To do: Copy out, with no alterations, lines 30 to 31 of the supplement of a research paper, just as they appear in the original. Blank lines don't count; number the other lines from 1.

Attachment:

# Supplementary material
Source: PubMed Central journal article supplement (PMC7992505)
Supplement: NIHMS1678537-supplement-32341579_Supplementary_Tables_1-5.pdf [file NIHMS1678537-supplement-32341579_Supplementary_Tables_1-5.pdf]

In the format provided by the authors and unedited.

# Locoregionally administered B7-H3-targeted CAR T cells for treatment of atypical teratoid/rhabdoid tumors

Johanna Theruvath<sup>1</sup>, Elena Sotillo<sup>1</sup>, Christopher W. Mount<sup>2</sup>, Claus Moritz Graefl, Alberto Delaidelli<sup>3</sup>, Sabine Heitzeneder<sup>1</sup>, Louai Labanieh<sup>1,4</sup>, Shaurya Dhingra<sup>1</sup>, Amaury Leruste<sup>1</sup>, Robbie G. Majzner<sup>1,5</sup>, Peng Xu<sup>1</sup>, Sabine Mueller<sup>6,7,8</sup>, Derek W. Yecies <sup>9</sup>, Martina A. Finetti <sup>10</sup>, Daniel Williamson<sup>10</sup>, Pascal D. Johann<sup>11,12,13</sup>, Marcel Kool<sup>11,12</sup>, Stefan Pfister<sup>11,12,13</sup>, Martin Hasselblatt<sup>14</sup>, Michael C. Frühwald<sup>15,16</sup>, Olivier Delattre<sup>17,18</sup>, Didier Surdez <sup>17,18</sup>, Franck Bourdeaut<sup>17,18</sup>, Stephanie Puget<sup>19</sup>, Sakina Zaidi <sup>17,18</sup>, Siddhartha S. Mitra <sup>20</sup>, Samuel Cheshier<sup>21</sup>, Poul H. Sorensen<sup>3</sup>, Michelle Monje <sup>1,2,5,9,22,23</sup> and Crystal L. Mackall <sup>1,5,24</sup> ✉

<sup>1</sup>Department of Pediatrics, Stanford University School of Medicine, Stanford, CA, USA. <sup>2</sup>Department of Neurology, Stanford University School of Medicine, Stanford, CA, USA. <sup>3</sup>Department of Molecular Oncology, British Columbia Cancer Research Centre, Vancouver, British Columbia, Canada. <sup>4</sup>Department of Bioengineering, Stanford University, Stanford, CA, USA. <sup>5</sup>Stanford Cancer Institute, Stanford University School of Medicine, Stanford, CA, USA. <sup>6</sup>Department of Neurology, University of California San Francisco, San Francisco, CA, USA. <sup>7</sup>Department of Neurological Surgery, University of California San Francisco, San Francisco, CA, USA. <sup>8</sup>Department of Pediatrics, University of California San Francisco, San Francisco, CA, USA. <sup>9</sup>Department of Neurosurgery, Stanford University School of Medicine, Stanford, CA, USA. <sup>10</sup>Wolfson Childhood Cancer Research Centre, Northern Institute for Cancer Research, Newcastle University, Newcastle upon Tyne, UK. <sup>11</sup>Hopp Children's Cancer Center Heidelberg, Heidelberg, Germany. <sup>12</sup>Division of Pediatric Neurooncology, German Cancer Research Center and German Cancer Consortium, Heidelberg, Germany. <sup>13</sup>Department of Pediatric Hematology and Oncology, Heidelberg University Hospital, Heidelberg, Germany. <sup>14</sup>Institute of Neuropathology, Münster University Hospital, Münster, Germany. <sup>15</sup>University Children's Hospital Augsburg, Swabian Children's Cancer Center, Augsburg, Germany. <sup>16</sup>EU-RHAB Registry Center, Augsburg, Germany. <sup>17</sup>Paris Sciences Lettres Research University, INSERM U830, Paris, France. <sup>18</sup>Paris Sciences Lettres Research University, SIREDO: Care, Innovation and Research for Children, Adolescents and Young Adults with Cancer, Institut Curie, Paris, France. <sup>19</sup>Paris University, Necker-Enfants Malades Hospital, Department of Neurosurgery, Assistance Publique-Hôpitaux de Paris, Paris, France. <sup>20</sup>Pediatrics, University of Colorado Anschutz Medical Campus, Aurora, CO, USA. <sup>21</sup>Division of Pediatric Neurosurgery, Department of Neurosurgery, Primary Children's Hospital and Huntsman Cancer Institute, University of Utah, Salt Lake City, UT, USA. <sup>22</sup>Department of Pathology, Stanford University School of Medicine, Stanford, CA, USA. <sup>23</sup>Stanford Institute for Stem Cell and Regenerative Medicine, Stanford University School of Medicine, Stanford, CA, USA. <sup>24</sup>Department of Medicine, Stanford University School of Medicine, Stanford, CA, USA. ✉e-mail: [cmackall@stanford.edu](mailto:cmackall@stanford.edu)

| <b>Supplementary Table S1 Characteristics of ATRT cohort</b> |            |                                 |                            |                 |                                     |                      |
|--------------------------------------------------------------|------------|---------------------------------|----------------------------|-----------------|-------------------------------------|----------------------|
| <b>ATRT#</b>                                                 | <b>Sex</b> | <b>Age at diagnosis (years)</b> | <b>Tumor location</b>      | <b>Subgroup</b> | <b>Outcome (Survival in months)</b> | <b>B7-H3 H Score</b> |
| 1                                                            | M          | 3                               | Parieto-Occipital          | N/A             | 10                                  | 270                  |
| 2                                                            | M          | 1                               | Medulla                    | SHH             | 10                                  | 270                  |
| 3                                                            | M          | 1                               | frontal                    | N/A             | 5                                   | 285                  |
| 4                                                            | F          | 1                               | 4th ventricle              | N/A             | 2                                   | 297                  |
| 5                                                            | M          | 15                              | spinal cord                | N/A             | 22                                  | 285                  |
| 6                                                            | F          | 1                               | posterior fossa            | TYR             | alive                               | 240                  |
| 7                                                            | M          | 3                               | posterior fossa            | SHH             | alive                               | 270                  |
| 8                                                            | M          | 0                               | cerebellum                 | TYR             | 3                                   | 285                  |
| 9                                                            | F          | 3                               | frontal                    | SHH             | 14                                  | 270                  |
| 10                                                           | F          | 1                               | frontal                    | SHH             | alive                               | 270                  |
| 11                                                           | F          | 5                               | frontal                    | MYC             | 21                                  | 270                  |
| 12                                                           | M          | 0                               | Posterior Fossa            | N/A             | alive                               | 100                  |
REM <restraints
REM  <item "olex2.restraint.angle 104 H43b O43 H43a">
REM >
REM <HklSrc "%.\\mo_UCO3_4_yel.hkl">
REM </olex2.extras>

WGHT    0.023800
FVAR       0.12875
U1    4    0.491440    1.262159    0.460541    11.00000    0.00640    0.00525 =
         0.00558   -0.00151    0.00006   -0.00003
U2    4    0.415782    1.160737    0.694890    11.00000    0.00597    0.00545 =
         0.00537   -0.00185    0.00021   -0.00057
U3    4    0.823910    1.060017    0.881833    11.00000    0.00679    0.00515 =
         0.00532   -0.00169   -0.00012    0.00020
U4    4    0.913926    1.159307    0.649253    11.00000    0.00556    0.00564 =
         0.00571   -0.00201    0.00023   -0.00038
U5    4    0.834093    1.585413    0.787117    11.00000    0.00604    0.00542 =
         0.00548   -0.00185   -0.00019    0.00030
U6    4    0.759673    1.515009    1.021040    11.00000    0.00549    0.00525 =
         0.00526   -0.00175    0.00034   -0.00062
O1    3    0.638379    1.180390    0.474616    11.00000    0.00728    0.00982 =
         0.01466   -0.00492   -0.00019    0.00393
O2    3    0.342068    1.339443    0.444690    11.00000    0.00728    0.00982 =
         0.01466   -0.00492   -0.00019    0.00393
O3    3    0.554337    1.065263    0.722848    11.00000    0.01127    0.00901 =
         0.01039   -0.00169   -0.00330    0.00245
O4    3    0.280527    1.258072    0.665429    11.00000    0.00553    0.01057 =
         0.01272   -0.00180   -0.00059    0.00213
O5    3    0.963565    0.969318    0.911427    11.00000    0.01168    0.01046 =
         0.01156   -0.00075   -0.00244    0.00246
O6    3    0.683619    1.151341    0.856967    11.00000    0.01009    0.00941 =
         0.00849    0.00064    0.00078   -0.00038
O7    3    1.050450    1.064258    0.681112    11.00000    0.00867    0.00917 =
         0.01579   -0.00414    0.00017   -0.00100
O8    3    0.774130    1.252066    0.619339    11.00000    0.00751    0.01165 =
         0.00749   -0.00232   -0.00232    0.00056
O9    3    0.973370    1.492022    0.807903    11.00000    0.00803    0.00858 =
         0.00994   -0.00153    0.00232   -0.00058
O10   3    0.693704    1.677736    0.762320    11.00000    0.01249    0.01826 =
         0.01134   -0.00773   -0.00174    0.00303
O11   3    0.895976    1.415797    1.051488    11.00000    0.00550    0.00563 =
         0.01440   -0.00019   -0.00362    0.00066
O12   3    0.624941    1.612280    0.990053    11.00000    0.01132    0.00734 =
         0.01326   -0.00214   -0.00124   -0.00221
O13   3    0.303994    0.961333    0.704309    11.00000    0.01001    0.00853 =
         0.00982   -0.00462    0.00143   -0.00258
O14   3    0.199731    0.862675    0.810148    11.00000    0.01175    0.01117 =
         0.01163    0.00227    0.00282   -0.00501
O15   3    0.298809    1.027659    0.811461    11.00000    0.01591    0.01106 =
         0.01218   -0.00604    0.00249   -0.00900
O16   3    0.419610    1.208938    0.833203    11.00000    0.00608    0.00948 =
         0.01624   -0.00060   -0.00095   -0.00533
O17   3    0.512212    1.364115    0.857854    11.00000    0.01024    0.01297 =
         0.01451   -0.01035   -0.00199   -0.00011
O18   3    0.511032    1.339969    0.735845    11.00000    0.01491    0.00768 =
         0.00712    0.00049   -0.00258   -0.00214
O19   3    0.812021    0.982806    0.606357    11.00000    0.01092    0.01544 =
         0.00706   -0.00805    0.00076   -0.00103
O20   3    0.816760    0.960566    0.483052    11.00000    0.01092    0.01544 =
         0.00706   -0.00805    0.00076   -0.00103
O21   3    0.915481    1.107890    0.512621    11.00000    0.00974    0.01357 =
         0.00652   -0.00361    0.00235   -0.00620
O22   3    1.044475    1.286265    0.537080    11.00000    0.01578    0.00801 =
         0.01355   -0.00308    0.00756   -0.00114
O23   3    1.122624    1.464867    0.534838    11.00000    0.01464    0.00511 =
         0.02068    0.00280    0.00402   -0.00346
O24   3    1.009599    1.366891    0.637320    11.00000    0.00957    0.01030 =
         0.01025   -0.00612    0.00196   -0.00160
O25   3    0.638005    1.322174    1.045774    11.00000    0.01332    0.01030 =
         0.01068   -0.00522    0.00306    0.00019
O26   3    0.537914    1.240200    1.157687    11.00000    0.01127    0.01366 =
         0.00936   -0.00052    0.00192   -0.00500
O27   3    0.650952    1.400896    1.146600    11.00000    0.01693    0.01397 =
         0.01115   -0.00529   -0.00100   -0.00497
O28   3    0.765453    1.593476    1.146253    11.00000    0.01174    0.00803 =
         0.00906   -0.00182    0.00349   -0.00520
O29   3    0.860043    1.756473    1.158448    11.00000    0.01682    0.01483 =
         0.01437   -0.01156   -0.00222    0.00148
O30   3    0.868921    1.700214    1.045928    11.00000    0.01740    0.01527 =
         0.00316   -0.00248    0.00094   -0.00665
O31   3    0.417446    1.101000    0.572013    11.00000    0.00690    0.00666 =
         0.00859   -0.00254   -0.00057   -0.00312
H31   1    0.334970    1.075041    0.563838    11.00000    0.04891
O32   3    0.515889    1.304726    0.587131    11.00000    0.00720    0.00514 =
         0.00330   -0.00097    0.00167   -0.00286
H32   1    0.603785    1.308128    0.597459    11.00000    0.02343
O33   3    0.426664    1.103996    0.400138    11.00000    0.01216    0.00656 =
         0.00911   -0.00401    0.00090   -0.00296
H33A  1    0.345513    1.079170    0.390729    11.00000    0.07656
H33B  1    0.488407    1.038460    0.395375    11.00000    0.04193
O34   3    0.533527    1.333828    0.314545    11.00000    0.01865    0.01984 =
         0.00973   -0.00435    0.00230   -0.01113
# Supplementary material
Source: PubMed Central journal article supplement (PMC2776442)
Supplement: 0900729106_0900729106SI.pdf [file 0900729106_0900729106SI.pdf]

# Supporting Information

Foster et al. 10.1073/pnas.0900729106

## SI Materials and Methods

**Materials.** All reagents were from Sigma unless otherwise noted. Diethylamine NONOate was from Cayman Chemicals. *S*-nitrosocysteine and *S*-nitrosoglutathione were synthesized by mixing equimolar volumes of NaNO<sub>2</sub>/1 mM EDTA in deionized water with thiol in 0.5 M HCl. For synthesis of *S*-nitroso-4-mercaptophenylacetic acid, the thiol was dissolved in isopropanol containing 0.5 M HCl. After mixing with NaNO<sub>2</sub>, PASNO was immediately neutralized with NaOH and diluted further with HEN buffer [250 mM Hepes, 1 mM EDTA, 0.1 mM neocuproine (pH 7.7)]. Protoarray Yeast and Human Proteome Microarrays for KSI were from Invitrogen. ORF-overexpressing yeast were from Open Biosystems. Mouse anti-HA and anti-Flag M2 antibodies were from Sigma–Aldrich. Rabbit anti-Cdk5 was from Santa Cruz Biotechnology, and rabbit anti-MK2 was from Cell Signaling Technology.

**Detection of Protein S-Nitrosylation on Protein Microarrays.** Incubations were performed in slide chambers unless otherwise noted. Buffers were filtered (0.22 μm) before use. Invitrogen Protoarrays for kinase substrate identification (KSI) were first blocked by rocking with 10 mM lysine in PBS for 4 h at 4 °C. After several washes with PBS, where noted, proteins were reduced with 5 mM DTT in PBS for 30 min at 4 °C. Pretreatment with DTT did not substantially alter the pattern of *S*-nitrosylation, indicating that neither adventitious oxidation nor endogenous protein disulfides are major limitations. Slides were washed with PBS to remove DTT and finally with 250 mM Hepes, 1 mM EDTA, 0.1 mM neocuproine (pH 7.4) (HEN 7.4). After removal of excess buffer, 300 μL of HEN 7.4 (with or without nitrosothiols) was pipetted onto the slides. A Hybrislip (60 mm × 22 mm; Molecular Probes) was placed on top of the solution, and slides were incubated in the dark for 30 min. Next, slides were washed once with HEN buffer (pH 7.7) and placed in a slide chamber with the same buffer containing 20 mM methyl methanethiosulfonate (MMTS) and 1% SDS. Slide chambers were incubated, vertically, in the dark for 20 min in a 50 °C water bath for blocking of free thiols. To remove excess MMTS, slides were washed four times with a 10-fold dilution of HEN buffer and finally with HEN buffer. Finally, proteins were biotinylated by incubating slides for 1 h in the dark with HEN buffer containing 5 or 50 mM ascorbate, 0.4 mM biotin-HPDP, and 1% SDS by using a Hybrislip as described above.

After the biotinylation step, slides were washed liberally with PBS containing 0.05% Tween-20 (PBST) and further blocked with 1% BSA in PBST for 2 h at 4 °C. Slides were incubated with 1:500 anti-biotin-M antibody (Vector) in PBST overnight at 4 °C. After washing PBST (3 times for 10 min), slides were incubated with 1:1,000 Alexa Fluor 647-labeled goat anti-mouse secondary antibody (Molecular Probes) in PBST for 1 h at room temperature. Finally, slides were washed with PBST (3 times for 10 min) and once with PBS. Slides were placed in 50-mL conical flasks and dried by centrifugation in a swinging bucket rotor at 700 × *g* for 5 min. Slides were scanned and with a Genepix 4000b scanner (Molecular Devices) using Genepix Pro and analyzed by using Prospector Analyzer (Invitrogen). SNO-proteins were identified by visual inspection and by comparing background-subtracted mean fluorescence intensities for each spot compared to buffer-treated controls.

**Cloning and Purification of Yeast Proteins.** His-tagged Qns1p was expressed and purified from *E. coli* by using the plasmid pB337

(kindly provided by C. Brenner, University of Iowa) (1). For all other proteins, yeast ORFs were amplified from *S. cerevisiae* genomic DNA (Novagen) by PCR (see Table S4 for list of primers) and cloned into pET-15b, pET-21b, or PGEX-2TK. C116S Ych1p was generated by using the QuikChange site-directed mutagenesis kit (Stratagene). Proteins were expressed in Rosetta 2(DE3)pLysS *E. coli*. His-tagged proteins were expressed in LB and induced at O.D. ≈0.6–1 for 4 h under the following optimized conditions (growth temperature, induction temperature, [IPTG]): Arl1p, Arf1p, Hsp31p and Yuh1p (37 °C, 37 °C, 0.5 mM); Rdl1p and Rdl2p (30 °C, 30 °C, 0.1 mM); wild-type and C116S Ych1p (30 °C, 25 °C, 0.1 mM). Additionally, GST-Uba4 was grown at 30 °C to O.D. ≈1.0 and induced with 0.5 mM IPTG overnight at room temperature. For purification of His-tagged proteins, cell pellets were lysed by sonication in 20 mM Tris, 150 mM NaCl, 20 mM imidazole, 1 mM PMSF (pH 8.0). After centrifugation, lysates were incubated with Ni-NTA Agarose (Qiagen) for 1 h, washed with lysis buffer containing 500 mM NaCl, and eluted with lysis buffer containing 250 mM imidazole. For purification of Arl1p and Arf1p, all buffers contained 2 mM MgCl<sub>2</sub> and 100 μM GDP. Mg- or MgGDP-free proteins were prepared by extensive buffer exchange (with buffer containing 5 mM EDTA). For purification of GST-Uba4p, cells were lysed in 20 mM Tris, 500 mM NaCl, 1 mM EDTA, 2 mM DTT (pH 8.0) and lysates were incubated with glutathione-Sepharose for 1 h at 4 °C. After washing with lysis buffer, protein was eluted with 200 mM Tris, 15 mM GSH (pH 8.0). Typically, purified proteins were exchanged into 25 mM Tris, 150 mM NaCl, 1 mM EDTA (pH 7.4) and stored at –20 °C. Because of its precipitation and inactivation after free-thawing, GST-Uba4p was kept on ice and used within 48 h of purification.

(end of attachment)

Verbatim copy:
U1    4    0.491440    1.262159    0.460541    11.00000    0.00640    0.00525 =
         0.00558   -0.00151    0.00006   -0.00003